“Françoise Gilot has been truly inspirational to all of us at Salk, to Jonas during his life and to our entire community through her involvement with Symphony at Salk and many other Salk undertakings,” Gerald Joyce, the president of the La Jolla, California-based Salk Institute—a scientific foundation established by Jonas Salk—said in a statement. “Her artistic genius can be seen on display around campus through the many pieces of art she donated to us. While we grieve her death, we celebrate Françoise’s spirit as we reflect on her art and her commitment to the Salk Institute.”
Gilot had been based in New York since the early 1980s, while a prodigious cadence of exhibitions kept her travelling through the US and Europe. In 1998, an exhibition at New York’s Elkon Gallery shined a light on her works from the 1940s. In 2000, Acatos Publishing released a monograph chronicling her work all the way back to 1940. While hear earlier work had remained rooted in figuration—whether stylised and streamlined or deconstructed in a Cubist vein—in the latter decades of Gilot’s career her paintings became increasingly abstract, defined by organic forms rendered in vibrant colours.
In 2012, Gagosian staged the first exhibition of Gilot’s work alongside Picasso’s, Picasso and Françoise Gilot: Paris–Vallauris 1943–1953, focused on works made during their relationship. The exhibition was developed in part through a collaboration between Gilot and Picasso biographer John Richardson, a seemingly improbable partnership given that Richardson had panned her memoir in a 1963 review for the New York Review of Books.
“He had never met me, and then he judged me according to things he had heard,” Gilot said of her friendship with Richardson, who had died a few months earlier, in the 2019 T Magazine interview. “Then, when he met me, we became very good friends. What can I say? Many people thought that by being against me, they would be pleasing to Picasso. That’s why they did it. When they saw that it “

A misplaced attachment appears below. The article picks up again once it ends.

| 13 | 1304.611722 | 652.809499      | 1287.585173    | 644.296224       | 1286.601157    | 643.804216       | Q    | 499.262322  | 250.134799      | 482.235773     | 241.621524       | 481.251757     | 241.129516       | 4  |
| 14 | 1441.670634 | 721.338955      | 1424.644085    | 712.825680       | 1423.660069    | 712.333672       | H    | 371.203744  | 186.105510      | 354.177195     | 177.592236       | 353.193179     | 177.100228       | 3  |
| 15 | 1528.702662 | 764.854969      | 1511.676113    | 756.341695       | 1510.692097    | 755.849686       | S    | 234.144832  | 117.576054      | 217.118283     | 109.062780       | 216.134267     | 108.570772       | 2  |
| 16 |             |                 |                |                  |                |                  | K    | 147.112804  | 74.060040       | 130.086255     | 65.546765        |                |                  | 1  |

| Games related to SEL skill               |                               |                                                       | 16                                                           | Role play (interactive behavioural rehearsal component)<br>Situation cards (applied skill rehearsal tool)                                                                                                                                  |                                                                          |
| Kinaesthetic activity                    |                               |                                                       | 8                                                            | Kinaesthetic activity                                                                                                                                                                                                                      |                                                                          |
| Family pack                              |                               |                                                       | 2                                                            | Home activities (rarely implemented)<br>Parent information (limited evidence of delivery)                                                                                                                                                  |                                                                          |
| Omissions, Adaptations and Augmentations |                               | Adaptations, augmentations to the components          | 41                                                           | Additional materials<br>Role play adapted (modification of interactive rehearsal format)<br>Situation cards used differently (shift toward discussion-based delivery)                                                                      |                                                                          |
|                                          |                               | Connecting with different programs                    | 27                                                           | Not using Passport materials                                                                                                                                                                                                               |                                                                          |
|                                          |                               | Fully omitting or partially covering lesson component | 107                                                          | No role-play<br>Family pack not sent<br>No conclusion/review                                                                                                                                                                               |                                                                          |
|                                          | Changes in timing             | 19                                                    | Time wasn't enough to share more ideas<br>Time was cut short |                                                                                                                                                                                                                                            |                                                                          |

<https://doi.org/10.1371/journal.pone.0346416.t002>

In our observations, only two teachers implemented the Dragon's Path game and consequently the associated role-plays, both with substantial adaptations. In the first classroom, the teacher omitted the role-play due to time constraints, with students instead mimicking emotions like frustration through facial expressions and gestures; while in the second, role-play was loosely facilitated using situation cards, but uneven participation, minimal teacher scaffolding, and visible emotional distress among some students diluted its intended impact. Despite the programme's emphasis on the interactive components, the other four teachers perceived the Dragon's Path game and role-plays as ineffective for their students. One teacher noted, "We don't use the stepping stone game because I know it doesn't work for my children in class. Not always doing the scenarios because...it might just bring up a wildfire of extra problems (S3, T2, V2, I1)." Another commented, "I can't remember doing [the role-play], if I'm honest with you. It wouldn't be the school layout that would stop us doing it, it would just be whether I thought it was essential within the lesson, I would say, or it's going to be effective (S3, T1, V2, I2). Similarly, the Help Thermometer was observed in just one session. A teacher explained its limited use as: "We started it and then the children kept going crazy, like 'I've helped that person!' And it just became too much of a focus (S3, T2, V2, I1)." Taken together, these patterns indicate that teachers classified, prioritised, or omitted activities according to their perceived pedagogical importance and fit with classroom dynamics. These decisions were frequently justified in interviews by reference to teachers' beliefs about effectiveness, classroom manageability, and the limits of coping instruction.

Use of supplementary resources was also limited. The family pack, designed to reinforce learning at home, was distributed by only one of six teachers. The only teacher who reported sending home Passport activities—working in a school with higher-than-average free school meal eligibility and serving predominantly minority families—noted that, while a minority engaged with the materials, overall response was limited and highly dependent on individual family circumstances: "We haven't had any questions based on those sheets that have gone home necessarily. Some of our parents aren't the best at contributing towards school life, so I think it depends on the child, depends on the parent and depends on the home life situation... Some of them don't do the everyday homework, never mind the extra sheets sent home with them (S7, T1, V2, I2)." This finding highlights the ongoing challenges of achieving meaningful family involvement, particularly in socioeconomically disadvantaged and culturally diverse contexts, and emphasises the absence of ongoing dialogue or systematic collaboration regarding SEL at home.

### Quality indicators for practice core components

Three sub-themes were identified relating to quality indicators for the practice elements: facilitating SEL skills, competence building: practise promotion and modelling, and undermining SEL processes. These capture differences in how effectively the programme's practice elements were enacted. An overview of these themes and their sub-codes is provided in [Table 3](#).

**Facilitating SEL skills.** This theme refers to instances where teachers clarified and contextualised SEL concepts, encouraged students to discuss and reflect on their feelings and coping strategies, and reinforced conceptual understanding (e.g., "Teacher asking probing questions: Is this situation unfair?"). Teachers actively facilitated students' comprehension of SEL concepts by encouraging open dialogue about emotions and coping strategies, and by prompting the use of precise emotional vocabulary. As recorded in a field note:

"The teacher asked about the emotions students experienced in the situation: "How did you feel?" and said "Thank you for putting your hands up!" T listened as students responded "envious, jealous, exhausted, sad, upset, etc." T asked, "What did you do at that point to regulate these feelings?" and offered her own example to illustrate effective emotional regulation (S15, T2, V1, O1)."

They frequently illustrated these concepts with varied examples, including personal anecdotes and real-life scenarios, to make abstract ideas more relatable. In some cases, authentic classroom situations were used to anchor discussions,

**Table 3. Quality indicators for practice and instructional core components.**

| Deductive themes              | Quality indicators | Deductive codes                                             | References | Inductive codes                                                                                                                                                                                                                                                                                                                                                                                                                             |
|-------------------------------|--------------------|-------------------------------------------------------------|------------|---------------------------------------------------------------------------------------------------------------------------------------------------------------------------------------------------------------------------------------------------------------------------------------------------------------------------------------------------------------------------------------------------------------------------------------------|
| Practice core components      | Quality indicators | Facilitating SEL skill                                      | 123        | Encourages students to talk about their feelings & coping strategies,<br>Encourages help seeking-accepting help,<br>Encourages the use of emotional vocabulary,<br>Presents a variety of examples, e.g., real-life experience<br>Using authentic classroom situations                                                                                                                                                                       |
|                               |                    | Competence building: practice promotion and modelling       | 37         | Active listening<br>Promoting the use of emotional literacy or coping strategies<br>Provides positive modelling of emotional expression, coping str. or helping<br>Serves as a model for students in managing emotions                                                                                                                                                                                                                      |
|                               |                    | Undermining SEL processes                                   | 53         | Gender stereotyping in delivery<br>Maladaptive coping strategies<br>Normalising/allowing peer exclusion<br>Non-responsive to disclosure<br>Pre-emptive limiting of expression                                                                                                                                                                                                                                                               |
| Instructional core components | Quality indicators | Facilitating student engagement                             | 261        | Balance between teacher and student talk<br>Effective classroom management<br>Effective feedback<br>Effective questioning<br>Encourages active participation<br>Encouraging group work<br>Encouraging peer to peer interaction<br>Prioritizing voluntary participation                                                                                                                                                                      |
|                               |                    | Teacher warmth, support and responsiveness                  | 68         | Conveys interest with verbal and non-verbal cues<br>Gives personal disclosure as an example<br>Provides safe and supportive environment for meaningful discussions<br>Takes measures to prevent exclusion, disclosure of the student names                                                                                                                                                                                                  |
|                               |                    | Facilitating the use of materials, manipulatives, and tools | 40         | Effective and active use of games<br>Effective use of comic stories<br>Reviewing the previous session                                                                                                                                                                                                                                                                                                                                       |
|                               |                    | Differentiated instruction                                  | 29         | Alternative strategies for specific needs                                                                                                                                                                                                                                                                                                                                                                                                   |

Gilot’s work is in the permanent collections of the Musee Picasso in Antibes, the Museum of Modern Art and the Metropolitan Museum of Art in New York, the Musée d’art moderne de la ville de Paris, the New Orleans Museum of Art and the Women’s Museum in Washington, DC, among others.
Despite spending most of the second half of her life in the US, Gilot was repeatedly awarded national honours in France. In 1978, she was made an officer of the Order of Arts and Letters by France’s culture minister. Eighteen years later, French president Jacques Chirac would make her an officer of the Order of National Merit. And in 2009, president Nicolas Sarkozy made her an officer of the Legion of Honour, France’s highest order of merit.
“What I really learned in that first phase [of my career]: never again belong to a group, because in a group some people are always the leaders and they always want the others to conform, and I am a non-conformist,” Gilot told WHYY’s Terry Gross in an interview in 1988, on the occasion of the release of her book An Artist’s Journey. “I want to conform only to my own self and the deep desires that motivate me as an artist, and I couldn’t care less about whether the others are going that route or not. Ultimately, if I have lived my life as an artist right, my work—which I call ‘the artist’s journey’, which is a kind of pilgrimage toward my own centre, my own being—that’s the only thing that is important. And after all, I have enough of a following as it is, so I think I did the right thing.”